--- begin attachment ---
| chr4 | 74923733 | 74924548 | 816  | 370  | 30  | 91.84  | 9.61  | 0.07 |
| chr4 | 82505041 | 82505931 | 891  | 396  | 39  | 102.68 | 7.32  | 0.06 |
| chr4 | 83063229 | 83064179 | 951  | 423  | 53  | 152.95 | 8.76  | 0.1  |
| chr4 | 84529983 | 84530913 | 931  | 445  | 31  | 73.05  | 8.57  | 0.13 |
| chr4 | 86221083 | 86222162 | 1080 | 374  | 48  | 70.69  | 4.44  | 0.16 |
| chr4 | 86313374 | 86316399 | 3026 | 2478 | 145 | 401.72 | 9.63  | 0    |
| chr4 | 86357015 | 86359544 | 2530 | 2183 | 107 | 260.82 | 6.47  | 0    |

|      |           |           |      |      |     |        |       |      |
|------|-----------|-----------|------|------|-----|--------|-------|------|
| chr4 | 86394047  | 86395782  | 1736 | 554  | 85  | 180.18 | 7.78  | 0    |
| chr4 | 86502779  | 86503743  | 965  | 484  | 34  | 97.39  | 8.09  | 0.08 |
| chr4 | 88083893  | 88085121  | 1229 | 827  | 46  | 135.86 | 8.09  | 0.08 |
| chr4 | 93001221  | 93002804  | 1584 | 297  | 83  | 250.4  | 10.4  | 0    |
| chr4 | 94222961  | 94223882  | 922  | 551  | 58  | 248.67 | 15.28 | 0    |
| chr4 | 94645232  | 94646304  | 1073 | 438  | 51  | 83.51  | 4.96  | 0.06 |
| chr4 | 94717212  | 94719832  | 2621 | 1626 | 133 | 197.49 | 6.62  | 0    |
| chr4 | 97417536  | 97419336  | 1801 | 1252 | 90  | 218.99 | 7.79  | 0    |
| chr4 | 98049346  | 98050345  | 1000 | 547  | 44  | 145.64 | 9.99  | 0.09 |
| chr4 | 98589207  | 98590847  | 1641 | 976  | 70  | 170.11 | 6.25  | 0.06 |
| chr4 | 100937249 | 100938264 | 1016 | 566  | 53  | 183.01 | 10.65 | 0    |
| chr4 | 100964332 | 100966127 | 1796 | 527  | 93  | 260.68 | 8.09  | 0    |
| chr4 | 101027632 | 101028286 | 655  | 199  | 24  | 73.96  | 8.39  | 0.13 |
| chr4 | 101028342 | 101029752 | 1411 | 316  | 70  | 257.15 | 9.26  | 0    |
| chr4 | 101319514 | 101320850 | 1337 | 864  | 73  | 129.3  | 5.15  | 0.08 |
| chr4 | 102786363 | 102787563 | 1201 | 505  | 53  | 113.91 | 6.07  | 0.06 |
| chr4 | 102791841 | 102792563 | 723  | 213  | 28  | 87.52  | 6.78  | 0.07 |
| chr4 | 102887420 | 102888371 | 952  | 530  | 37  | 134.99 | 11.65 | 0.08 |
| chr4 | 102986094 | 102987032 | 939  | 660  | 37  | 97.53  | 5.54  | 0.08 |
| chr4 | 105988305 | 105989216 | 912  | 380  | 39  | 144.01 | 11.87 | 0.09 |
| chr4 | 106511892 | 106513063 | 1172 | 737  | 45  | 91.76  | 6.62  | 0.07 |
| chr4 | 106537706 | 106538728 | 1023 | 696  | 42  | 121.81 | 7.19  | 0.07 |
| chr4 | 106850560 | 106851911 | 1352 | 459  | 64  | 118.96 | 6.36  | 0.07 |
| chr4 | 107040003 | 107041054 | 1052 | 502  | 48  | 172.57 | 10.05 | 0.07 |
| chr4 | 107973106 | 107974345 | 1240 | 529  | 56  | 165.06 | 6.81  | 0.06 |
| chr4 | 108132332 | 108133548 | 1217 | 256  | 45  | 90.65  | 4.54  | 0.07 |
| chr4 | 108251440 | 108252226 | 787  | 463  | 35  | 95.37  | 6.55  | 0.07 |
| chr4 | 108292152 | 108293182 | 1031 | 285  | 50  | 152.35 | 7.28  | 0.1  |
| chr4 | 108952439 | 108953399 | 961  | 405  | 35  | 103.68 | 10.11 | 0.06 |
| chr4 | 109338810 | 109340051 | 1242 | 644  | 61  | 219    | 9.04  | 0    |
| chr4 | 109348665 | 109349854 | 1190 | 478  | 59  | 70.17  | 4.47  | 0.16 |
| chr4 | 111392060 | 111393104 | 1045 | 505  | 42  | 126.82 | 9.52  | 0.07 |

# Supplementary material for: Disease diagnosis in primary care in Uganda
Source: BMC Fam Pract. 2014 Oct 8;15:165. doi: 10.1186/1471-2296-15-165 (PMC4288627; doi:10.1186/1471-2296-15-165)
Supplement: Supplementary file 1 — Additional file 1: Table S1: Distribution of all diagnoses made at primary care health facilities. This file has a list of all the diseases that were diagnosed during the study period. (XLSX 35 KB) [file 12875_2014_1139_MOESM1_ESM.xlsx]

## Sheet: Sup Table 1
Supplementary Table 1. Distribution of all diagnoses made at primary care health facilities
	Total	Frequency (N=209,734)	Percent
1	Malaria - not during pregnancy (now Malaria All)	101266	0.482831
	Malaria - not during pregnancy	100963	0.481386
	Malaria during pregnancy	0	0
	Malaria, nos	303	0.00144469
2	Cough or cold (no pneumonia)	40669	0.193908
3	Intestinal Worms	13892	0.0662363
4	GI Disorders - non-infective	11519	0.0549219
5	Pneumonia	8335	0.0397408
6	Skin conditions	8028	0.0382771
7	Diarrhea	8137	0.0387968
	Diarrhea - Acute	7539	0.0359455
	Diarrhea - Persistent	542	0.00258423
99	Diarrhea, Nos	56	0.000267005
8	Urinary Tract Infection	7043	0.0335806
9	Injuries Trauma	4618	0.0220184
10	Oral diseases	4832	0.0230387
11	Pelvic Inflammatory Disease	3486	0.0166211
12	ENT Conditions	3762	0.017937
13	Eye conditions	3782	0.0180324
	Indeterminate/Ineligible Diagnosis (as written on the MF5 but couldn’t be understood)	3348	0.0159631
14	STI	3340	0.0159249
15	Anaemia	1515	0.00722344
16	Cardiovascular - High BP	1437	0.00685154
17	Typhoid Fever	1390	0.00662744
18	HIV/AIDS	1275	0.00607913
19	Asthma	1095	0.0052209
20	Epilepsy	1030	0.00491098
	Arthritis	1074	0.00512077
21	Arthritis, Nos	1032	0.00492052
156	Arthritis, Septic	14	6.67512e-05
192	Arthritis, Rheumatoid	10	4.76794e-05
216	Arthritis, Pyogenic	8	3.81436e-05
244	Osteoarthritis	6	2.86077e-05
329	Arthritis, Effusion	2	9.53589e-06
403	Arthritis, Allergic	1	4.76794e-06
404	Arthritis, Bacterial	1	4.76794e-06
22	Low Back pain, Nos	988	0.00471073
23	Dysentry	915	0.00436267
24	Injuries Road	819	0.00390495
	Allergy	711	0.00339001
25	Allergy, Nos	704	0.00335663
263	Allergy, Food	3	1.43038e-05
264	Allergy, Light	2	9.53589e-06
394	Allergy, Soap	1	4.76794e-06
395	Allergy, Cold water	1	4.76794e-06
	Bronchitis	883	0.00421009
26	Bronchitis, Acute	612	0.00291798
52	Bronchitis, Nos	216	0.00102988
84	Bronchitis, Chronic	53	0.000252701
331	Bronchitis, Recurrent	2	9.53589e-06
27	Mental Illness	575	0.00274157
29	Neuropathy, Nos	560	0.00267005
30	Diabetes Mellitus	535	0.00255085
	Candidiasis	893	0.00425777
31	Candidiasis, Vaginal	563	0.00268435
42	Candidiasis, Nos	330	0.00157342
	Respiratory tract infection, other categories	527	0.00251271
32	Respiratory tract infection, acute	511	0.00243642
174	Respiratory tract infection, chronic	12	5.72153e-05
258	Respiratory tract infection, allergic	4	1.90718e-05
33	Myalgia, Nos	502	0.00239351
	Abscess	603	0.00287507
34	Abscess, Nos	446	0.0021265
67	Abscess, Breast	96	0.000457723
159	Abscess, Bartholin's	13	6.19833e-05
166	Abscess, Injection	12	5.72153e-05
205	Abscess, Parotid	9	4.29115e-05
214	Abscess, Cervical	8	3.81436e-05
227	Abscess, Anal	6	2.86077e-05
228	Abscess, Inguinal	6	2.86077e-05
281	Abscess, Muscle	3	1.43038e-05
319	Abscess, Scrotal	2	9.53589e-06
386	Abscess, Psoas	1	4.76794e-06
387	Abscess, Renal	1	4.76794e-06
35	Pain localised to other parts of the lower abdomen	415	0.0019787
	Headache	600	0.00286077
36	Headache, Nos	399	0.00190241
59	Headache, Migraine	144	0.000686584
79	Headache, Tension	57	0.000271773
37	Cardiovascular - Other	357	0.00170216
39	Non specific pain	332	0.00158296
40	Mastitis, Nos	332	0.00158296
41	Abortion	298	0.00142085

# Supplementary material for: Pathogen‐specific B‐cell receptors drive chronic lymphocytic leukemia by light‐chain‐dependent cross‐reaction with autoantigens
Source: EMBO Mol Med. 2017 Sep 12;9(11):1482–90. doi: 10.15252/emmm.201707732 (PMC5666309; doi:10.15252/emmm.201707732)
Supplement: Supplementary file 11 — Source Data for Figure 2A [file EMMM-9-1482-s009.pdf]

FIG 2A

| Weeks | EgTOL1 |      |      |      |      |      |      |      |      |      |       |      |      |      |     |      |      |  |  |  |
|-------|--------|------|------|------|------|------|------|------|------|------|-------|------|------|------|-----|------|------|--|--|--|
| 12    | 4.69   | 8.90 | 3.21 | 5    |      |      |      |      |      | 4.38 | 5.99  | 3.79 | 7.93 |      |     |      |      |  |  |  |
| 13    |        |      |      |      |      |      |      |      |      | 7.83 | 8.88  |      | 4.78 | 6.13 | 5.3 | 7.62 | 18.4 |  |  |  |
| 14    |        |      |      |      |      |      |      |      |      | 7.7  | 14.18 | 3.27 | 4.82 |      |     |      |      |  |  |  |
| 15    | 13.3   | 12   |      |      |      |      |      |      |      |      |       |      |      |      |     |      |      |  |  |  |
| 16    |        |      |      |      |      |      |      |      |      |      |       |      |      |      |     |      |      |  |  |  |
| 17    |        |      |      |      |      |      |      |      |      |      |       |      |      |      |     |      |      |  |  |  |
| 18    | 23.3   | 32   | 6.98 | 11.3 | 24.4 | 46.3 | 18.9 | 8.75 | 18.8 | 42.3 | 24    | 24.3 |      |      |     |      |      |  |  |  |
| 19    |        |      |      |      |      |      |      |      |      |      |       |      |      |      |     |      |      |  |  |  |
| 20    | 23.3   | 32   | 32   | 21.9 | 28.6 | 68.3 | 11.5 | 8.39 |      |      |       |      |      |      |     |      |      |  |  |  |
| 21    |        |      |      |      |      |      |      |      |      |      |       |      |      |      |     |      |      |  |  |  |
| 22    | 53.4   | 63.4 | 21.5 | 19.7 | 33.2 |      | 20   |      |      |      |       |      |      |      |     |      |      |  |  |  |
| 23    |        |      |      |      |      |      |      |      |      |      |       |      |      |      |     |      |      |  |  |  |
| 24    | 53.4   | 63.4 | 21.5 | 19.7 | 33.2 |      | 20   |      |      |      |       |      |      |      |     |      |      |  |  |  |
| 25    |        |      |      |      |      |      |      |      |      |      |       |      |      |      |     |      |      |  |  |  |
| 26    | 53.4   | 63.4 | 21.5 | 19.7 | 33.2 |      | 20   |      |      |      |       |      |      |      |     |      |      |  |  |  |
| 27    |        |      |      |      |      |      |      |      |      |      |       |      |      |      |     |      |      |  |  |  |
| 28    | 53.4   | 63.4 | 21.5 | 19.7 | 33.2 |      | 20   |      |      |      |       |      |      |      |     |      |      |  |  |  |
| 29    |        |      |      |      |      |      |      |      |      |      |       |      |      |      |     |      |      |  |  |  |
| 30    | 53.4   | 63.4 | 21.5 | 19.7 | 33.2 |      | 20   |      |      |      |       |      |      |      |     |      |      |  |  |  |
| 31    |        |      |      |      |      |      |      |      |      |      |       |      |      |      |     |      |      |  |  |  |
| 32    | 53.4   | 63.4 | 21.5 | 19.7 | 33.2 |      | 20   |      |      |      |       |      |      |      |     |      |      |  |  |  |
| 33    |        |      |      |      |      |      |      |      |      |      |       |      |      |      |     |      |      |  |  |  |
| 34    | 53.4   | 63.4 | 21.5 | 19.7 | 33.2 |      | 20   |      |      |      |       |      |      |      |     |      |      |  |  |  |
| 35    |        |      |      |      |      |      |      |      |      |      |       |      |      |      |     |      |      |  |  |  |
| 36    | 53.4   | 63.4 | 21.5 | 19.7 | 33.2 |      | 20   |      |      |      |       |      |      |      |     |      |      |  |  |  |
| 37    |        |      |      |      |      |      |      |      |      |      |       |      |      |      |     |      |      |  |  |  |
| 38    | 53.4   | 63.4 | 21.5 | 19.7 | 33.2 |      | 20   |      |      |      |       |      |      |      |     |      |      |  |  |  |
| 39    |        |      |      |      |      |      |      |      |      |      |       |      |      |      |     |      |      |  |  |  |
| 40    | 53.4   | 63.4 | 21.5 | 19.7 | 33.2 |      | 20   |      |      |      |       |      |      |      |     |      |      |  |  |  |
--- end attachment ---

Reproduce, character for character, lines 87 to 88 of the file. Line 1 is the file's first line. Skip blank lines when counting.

	Allergy	711	0.00339001
25	Allergy, Nos	704	0.00335663